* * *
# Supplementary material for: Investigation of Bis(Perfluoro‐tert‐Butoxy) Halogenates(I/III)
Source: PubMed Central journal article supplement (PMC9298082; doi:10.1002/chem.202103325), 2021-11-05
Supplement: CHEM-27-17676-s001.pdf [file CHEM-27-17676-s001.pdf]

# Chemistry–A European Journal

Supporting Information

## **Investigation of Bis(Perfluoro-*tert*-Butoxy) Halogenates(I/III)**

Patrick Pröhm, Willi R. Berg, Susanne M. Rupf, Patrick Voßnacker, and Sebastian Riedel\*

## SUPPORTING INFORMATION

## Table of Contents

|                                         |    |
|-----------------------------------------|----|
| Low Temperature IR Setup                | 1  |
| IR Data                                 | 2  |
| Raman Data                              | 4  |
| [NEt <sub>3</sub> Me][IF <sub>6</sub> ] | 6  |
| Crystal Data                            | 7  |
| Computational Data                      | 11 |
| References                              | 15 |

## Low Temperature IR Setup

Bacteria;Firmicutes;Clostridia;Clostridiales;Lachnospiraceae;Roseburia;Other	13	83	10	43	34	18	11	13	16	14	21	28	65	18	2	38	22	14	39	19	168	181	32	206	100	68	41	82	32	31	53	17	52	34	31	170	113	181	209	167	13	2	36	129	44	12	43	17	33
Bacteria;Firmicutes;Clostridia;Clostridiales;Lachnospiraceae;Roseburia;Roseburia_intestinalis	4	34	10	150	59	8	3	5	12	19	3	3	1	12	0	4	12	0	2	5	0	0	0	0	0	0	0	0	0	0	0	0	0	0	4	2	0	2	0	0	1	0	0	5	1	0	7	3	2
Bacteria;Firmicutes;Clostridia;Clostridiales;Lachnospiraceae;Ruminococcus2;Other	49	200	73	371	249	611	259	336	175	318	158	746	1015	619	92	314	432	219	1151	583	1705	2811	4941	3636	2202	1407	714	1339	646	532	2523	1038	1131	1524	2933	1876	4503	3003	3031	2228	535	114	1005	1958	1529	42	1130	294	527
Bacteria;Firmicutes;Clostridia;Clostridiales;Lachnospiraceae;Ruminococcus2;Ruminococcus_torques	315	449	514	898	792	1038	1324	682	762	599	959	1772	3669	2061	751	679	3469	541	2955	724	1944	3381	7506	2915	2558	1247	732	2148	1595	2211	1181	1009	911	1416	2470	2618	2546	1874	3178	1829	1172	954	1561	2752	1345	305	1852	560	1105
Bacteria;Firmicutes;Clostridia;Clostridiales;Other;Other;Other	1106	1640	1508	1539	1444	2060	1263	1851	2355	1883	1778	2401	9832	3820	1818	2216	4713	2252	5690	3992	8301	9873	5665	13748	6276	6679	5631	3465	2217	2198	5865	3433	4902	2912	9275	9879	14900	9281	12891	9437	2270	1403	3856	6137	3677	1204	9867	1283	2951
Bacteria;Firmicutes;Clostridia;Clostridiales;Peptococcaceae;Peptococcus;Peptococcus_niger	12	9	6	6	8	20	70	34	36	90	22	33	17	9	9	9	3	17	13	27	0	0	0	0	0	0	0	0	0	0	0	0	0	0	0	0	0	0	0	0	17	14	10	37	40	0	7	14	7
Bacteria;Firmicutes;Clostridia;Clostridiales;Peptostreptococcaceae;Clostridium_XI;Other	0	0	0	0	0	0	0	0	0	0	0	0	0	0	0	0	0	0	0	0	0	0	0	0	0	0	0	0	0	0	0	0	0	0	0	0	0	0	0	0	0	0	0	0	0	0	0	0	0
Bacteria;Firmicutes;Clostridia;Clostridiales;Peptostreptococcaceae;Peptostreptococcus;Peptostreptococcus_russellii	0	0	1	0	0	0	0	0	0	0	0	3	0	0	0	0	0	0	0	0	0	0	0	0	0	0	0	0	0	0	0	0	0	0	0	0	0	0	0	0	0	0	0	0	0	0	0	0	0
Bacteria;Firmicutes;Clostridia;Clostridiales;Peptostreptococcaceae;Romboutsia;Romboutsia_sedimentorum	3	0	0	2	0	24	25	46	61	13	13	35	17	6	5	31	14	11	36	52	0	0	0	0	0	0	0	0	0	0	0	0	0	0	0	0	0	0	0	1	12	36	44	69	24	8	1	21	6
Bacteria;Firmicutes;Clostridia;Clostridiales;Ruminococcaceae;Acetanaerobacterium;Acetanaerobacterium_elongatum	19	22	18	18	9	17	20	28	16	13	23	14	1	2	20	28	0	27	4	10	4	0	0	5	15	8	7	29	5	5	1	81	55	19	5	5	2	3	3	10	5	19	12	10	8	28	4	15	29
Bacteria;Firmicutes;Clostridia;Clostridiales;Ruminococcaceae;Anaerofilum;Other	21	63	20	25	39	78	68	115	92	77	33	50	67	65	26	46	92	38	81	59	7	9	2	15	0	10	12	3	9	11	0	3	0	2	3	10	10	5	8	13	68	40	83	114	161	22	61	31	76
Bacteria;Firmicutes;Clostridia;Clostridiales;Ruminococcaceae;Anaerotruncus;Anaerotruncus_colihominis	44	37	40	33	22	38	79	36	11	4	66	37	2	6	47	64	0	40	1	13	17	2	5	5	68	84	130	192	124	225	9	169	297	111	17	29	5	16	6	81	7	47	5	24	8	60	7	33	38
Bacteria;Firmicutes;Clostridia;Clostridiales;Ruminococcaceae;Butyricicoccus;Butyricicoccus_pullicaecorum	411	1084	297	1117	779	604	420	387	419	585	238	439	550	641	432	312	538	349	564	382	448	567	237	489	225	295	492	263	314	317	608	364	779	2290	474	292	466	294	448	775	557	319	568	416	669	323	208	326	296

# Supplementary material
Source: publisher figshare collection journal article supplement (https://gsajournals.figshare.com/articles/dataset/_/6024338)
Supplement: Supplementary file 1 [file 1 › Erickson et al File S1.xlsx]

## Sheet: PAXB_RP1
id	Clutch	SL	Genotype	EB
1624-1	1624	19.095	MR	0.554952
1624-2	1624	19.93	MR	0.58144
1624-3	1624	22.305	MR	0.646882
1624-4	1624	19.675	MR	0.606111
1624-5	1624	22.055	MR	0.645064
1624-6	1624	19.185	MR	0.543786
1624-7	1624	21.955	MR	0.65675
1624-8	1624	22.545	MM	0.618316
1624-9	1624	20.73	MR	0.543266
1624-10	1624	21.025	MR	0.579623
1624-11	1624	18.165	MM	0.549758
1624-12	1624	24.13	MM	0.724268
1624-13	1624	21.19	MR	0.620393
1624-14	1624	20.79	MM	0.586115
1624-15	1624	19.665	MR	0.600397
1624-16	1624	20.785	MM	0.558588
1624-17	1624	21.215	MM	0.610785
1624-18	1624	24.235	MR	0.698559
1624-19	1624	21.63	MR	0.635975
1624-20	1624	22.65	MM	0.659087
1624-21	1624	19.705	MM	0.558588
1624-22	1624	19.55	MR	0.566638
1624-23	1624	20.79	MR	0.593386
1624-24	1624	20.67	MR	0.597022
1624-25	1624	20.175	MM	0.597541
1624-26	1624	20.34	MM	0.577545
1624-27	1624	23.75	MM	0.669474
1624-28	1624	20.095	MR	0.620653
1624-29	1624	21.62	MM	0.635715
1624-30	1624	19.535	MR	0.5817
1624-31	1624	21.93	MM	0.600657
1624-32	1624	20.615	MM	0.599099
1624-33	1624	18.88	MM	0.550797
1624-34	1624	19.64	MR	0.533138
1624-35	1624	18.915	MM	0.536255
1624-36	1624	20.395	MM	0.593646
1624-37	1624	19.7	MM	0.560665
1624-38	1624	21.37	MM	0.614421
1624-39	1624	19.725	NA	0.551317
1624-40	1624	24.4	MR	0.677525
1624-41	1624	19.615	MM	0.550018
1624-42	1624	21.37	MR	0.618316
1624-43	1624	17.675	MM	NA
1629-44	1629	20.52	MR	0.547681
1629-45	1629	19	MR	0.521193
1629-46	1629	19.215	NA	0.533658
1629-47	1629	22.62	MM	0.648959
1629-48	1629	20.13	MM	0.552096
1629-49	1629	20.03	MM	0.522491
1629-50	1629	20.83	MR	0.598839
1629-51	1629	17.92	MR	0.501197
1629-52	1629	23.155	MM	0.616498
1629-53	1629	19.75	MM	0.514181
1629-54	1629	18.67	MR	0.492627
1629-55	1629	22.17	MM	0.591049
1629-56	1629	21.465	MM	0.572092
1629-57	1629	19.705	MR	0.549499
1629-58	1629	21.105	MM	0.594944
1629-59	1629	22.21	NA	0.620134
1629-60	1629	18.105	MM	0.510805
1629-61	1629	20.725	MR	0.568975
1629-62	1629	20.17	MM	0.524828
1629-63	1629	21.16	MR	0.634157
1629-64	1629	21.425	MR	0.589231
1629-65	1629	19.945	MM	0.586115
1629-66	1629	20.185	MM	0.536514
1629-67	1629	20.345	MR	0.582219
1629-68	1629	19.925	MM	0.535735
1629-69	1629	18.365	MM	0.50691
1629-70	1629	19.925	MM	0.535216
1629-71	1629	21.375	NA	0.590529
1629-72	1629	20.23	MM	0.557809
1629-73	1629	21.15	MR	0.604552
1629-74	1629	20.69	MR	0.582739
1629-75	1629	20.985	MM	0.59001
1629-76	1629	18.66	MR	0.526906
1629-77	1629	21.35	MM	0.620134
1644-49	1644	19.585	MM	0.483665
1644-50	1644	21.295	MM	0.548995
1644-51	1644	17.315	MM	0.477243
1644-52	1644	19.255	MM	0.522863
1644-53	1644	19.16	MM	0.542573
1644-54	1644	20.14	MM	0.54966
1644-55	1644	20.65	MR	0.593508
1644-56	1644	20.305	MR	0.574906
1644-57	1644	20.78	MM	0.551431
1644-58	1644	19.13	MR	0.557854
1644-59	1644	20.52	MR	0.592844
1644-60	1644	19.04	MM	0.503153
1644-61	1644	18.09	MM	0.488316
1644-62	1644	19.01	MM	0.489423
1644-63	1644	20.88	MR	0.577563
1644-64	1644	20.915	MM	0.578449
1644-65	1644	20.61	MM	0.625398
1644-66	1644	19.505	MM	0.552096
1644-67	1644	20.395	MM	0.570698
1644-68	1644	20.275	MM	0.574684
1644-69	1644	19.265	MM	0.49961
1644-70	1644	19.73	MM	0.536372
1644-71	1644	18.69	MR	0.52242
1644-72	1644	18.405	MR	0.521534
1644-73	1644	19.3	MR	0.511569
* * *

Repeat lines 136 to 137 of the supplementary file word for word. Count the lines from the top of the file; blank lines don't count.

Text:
1644-70	1644	19.73	MM	0.536372
1644-71	1644	18.69	MR	0.52242